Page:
It consists of an entrance slit to accommodate the source radiation and mirrors to pass the light through the system. It also comprises a dispersing element known as a Prism or Grating to spread the radiation into its constituent wavelengths and an exit slit to select the desired wavelength.


Source light is collimated and reflected onto a prism and reflected back through the prism. It reflects light at the surface of two interfaces creating angular dispersion. The degree of dispersion depends upon the optical angle of the prism (usually 600) and the prism material which is optical glass.

Prisms have a non-linear dispersion and it is difficult to focus a desired wavelength through the exit slit. There is an inverse relationship between wavelength and dispersion, and shorter wavelength have greater spread. Light of one wavelength will be dispersed from the light of any other wavelength.

Diffration Grating

A Diffraction grating is an optical component integrated into the monochromator and is produced by physically creating grooves on a reflective surfacewith a diamond ruling (cutting) tool. Diffraction grating grooves cab etched on substrates such as glass, metal or ceramic. Gratings used in spectrophotometers are plastic replicas of high quality glass or metal “master” gratings.

When light transmits through or reflects off a grating, the grooves cause the light to diffract, dispersing the light into its component wavelengths. Radiation of only a specific wavelength is allowed to leave the monochromater through the exit slit, so that its intensity can be measured as a function of wavelength.

Holographic Grating

A layer of photoresist is sprayed onto a glass blank and exposed to an interference pattern produced by a high powered laser interferometer. The blank is thus developed with accurately parallel grooves corresponding to the imposed interference pattern. The unexposed region on the substrate is then etched away chemically by selective dissolution, and is treated with aluminium to form a master reflection diffraction grating. Copies can then be made as required or sufficient masters can be produced to fit originals in instruments as master blazed holographic gratings.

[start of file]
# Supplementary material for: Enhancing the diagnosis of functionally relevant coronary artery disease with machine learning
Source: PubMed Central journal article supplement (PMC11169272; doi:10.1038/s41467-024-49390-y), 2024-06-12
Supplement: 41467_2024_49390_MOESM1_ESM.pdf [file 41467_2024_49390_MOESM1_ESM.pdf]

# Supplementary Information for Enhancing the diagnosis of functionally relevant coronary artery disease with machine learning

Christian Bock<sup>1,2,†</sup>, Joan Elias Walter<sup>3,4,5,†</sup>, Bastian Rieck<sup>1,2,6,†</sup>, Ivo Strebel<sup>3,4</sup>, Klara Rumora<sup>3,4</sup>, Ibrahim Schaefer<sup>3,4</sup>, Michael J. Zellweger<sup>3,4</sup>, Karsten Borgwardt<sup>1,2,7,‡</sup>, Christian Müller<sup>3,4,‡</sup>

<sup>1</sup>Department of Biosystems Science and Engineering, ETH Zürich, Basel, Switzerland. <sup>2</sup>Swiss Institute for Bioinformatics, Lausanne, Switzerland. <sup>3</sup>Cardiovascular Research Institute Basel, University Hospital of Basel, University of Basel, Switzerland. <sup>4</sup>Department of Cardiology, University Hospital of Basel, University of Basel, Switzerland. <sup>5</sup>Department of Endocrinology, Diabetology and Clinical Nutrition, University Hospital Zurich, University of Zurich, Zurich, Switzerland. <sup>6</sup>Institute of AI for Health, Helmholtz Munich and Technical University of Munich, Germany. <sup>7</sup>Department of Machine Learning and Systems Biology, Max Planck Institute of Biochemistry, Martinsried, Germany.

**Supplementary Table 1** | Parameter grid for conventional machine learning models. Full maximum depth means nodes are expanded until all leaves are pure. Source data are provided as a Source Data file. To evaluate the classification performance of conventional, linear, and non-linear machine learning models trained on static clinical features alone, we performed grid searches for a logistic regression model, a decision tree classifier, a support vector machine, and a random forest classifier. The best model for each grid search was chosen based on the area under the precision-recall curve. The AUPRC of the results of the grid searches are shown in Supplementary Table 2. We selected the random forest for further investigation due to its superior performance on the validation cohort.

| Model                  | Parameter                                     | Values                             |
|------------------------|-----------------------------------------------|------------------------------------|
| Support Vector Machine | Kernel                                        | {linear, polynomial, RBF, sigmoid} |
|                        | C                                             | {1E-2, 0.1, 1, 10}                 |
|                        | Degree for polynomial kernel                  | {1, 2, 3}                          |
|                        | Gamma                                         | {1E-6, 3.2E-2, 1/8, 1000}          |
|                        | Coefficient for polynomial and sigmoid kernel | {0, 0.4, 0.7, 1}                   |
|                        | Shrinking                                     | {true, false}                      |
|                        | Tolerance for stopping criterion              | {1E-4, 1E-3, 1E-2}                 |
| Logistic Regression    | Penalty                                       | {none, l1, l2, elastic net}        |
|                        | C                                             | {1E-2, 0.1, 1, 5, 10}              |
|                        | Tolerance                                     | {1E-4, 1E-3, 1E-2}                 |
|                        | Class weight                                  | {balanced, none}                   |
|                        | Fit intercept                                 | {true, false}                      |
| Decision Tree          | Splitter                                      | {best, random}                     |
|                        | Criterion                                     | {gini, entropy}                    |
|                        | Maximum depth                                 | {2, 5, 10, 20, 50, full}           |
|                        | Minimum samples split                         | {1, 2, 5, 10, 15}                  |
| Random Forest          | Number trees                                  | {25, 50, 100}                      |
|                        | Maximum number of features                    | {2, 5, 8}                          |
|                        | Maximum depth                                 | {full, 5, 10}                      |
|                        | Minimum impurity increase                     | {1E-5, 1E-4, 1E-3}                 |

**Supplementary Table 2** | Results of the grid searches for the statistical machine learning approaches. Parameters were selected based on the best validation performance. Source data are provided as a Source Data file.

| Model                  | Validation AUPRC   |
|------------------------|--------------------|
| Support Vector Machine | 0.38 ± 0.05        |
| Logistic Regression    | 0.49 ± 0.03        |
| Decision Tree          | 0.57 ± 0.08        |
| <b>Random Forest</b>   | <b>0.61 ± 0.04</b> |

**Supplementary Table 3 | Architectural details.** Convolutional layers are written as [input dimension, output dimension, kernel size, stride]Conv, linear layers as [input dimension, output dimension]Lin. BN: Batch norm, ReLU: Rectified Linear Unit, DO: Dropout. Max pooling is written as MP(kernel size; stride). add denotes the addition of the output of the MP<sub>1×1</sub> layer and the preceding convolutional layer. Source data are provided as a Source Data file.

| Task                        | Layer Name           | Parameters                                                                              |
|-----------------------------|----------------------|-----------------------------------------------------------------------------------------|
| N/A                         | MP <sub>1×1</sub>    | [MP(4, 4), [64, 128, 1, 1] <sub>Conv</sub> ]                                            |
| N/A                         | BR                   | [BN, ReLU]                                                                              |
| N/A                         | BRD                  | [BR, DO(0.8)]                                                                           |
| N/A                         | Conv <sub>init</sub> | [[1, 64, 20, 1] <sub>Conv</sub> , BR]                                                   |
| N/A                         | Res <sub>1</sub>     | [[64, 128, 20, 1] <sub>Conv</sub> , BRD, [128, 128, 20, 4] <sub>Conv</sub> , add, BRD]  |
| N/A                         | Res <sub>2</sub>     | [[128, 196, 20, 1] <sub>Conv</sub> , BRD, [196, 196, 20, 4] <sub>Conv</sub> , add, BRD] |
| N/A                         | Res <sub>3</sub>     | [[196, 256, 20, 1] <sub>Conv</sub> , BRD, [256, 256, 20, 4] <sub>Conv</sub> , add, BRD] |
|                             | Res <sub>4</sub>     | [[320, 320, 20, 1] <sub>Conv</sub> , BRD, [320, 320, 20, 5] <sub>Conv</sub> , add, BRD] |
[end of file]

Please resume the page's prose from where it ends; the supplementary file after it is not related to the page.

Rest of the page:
The purpose of a detector is convert radiant energy received into an electrical signal which can be multiplied and measured as a flowing current. The photomultiplier is an evacuated glass or quartz tube with a photosensitive faceplate called the photocarthode in which the absorption of a photon from the radiation of light results in the emission of an electron. The electron is released and focused to the first of nine electrodes known as a channel or dynode electrodes. Additional electrons are generated and multiplied by each dynode until they reach the end of the dynode chain. The electrons are eventually collected at an anode which is the collection electrode, and the electrical signal is amplified and measured at ground potential.


This is simple and cheap. It is constructed on a piece of selenium metal coated with light sensitive material. When irradiated, sufficient energy is generated to release electrons, and a current flow is established. No external power supply is required. Wavelength range is about 400 – 750 nm and is ideal for use in colorimeters.


Based on valve technology, phototubes are constructed with a glass or silica housing according to required wavelength range. Inside is a cathode with a photo-emissive alloy of potassium oxide and silver oxide, and an anode made of a fine wire mesh. Light enters through the anode, falls onto the cathode and generate electrons. These electrons are captured by the anode creating a current which is passed on to an amplifier.
Phototubes are similar to PMT but consist only of a photocarthode and an anode without any dynode chain to provide internal amplification. They need a power supply to maintin the voltage between the electrodes, and an amplifier for the signal.

Photovoltaic cell

This is a photronic or barrier-layer cell that consist of a metallic base plate of or iron which acts as one electrode. A thin layer of selenium is deposited on the metal, which in turn is covered with a thin layer silver or gold and acts as the second collector tube. Upon radiation on the surface of the selenium, electrons are generated at the selenium-silver surface and are collected by the silver. This accumulation of electrons at the silver surface creates an electric voltage difference between the silver and the base plate


The photodiode consists of a biased p-n junction. When light enters the surface, the holes from the n layer migrate to the p layer and are annihilated, so that the conductance of the device is increased. A photodiode range is about 400 – 1000 nm but can now be extended to 200 nm which makes it suitable for use in UV spectrophotometers.
Due to integrated circuit technology, a linear array of many diodes can be produced on a strip only a few millimeters long. By electronic use of these diodes in sequence, any wavelength can be measured with scans in just 2 – 5 secs.


Pye Unicam PU 8600